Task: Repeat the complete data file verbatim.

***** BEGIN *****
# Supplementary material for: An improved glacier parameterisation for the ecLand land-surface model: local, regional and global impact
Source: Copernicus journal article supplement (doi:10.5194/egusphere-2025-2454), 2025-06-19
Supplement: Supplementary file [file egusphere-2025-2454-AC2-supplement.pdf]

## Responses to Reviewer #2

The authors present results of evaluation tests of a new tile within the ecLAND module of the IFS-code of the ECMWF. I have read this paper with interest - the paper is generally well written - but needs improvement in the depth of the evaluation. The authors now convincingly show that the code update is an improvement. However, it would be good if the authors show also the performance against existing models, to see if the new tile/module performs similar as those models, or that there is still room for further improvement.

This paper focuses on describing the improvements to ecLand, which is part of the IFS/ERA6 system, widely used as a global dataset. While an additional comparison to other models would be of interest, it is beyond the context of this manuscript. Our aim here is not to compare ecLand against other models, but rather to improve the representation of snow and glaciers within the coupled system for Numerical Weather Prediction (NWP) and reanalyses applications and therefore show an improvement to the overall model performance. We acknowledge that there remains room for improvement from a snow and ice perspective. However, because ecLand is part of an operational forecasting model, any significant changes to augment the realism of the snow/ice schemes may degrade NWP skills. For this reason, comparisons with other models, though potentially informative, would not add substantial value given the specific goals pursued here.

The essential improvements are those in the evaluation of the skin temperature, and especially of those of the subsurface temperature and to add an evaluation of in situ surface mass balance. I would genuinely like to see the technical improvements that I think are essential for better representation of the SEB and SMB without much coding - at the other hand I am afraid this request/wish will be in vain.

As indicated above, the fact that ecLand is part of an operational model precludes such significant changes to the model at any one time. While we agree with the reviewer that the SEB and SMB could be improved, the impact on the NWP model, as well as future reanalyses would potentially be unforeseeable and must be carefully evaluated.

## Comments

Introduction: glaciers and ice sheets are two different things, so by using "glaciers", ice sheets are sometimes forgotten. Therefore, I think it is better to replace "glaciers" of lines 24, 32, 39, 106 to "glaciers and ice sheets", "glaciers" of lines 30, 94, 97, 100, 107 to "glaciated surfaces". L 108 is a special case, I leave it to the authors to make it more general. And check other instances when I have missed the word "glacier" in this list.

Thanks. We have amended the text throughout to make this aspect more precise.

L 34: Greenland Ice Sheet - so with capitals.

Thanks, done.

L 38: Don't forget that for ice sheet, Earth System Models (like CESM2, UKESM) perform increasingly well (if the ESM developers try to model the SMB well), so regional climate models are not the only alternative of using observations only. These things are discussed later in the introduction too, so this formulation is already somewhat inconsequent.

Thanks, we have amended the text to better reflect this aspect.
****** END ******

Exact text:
# Supplementary material for: An improved glacier parameterisation for the ecLand land-surface model: local, regional and global impact
Source: Copernicus journal article supplement (doi:10.5194/egusphere-2025-2454), 2025-06-19
Supplement: Supplementary file [file egusphere-2025-2454-AC2-supplement.pdf]

## Responses to Reviewer #2

The authors present results of evaluation tests of a new tile within the ecLAND module of the IFS-code of the ECMWF. I have read this paper with interest - the paper is generally well written - but needs improvement in the depth of the evaluation. The authors now convincingly show that the code update is an improvement. However, it would be good if the authors show also the performance against existing models, to see if the new tile/module performs similar as those models, or that there is still room for further improvement.

This paper focuses on describing the improvements to ecLand, which is part of the IFS/ERA6 system, widely used as a global dataset. While an additional comparison to other models would be of interest, it is beyond the context of this manuscript. Our aim here is not to compare ecLand against other models, but rather to improve the representation of snow and glaciers within the coupled system for Numerical Weather Prediction (NWP) and reanalyses applications and therefore show an improvement to the overall model performance. We acknowledge that there remains room for improvement from a snow and ice perspective. However, because ecLand is part of an operational forecasting model, any significant changes to augment the realism of the snow/ice schemes may degrade NWP skills. For this reason, comparisons with other models, though potentially informative, would not add substantial value given the specific goals pursued here.

The essential improvements are those in the evaluation of the skin temperature, and especially of those of the subsurface temperature and to add an evaluation of in situ surface mass balance. I would genuinely like to see the technical improvements that I think are essential for better representation of the SEB and SMB without much coding - at the other hand I am afraid this request/wish will be in vain.

As indicated above, the fact that ecLand is part of an operational model precludes such significant changes to the model at any one time. While we agree with the reviewer that the SEB and SMB could be improved, the impact on the NWP model, as well as future reanalyses would potentially be unforeseeable and must be carefully evaluated.

## Comments

Introduction: glaciers and ice sheets are two different things, so by using "glaciers", ice sheets are sometimes forgotten. Therefore, I think it is better to replace "glaciers" of lines 24, 32, 39, 106 to "glaciers and ice sheets", "glaciers" of lines 30, 94, 97, 100, 107 to "glaciated surfaces". L 108 is a special case, I leave it to the authors to make it more general. And check other instances when I have missed the word "glacier" in this list.

Thanks. We have amended the text throughout to make this aspect more precise.

L 34: Greenland Ice Sheet - so with capitals.

Thanks, done.

L 38: Don't forget that for ice sheet, Earth System Models (like CESM2, UKESM) perform increasingly well (if the ESM developers try to model the SMB well), so regional climate models are not the only alternative of using observations only. These things are discussed later in the introduction too, so this formulation is already somewhat inconsequent.

Thanks, we have amended the text to better reflect this aspect.